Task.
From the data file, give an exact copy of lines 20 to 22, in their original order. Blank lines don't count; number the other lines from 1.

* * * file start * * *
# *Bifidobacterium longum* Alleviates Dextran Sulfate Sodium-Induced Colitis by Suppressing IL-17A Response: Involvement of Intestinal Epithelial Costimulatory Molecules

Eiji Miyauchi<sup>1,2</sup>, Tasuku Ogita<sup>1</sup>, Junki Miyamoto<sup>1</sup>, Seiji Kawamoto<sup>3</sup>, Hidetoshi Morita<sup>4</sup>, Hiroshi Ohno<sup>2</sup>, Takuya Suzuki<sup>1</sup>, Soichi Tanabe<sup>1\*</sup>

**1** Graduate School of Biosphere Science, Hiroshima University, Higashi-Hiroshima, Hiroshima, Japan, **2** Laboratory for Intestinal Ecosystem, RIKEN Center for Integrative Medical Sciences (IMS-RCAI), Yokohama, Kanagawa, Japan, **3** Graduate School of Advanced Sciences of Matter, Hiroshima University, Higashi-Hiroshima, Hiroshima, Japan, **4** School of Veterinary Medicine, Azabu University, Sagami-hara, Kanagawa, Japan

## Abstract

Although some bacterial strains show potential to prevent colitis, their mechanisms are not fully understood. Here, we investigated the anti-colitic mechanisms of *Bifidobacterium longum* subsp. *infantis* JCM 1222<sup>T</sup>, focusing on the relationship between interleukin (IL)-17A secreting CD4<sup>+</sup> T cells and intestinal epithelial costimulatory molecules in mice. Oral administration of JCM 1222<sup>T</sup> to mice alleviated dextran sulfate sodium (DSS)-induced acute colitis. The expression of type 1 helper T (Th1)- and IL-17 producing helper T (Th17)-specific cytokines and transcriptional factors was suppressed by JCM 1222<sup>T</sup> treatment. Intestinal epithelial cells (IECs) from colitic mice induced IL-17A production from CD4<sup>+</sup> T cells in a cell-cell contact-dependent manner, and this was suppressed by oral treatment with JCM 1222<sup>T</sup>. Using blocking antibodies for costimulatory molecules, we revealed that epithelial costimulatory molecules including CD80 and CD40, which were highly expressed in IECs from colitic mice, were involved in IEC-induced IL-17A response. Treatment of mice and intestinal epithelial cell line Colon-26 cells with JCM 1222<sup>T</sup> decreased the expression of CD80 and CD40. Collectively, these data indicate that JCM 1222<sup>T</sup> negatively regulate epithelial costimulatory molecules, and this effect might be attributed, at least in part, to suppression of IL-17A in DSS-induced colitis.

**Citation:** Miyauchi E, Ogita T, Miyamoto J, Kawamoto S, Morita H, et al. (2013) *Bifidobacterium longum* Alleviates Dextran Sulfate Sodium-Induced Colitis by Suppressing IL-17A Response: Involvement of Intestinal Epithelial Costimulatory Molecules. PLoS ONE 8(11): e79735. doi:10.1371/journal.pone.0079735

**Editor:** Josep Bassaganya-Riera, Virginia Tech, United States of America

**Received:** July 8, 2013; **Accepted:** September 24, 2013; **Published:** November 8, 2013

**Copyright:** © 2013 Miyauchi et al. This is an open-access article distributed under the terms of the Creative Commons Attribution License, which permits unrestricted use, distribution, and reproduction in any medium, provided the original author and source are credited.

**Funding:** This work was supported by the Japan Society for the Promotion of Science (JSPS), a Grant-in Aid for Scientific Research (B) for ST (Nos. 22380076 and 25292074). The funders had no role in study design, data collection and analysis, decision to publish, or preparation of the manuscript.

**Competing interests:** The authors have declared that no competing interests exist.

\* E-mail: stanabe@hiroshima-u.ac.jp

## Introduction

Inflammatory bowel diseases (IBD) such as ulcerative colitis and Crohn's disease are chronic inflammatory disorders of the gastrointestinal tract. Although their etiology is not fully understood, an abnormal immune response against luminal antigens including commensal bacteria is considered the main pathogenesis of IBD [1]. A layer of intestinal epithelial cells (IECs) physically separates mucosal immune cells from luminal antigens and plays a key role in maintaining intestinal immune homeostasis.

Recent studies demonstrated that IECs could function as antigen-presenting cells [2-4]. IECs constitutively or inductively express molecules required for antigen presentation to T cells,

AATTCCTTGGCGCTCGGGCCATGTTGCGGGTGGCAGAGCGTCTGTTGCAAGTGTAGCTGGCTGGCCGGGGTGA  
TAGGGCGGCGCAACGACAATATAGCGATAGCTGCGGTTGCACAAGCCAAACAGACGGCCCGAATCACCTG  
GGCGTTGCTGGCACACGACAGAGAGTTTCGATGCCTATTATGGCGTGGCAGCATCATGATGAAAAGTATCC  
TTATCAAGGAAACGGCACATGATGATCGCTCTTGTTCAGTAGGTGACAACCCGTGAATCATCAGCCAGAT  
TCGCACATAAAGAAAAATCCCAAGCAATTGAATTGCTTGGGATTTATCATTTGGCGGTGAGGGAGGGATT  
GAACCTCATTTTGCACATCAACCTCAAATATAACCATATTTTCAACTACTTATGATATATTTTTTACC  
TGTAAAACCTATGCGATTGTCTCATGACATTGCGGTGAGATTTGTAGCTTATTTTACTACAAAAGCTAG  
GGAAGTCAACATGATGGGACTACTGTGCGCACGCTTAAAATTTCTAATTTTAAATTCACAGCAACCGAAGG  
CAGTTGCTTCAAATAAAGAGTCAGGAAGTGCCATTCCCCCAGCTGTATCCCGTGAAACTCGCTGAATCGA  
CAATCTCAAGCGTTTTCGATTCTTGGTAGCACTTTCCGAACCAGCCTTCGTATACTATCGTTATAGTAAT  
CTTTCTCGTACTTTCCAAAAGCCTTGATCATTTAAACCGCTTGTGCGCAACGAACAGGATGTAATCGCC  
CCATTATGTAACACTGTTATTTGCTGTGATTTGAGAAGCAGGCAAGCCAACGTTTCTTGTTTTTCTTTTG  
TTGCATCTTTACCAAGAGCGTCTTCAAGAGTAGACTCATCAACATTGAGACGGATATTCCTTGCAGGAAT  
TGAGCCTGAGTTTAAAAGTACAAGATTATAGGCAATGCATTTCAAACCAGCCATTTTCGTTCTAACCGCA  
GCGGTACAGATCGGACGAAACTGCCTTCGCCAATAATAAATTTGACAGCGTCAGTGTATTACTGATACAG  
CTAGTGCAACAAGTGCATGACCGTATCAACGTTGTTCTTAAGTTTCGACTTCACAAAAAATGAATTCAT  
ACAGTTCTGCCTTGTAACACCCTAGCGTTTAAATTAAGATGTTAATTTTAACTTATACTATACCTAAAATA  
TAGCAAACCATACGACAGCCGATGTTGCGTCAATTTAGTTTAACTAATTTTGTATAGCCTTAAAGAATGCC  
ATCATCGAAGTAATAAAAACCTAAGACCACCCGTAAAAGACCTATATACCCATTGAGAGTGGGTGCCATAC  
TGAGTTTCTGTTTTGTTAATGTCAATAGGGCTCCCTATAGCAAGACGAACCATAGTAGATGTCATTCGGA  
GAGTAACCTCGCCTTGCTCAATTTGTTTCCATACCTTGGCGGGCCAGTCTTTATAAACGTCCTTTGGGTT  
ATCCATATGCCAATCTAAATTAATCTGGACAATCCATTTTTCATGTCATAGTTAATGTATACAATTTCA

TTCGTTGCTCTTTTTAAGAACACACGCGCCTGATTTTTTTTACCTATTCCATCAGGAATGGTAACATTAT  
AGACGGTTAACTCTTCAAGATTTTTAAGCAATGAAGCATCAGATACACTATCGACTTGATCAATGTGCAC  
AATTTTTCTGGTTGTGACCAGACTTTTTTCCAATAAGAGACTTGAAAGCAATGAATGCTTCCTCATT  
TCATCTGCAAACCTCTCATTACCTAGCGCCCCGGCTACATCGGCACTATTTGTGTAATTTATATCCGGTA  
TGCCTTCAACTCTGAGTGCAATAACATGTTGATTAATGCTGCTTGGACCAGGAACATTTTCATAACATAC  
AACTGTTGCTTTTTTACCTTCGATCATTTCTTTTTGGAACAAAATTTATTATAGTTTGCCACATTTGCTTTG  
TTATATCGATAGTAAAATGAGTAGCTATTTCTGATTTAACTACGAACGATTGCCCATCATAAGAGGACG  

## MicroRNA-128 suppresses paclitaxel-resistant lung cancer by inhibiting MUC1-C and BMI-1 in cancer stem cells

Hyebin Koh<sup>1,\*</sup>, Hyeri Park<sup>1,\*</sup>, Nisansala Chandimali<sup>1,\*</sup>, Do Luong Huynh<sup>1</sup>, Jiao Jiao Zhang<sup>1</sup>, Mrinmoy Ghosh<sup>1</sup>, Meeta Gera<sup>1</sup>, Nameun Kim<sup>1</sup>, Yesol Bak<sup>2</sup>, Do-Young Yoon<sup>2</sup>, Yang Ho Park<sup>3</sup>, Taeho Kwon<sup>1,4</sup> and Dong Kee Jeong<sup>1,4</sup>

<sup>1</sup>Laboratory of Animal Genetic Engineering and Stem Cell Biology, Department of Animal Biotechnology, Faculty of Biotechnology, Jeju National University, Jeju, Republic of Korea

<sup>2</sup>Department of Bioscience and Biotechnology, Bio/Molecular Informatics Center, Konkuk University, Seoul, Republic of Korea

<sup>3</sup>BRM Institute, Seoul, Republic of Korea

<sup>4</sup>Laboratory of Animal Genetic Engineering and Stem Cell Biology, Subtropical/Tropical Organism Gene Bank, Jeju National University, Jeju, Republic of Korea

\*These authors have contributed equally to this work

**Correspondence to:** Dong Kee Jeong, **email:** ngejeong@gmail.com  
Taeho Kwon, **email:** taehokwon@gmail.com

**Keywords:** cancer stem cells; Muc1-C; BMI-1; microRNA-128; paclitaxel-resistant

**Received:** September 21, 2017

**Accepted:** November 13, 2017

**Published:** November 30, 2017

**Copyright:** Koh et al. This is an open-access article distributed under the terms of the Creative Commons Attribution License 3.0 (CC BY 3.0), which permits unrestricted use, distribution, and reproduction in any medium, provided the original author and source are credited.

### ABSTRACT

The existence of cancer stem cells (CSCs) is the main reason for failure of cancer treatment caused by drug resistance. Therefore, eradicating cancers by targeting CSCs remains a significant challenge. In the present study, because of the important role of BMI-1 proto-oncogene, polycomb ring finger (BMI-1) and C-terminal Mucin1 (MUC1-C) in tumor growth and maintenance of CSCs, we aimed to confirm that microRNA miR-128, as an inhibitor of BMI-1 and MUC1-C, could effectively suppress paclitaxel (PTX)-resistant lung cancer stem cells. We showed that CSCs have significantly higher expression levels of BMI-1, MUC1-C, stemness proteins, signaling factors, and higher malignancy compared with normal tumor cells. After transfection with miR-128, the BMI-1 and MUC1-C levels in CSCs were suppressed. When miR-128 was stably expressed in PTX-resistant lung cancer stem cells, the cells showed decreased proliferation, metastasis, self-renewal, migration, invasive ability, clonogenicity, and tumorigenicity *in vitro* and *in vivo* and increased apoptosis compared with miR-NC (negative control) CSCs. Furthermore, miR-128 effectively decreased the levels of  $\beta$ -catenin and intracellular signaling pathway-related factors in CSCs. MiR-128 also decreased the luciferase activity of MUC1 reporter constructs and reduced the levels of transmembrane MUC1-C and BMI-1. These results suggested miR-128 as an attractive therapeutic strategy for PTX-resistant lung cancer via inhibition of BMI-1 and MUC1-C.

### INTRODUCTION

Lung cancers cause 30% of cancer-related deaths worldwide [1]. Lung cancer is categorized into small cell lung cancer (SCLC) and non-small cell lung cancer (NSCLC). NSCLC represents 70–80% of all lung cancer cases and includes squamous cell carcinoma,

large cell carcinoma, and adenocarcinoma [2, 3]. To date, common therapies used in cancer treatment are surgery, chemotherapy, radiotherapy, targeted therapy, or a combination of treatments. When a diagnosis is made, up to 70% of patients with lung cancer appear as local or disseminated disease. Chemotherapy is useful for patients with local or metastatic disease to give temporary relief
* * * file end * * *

TCGCACATAAAGAAAAATCCCAAGCAATTGAATTGCTTGGGATTTATCATTTGGCGGTGAGGGAGGGATT  
GAACCTCATTTTGCACATCAACCTCAAATATAACCATATTTTCAACTACTTATGATATATTTTTTACC  
TGTAAAACCTATGCGATTGTCTCATGACATTGCGGTGAGATTTGTAGCTTATTTTACTACAAAAGCTAG  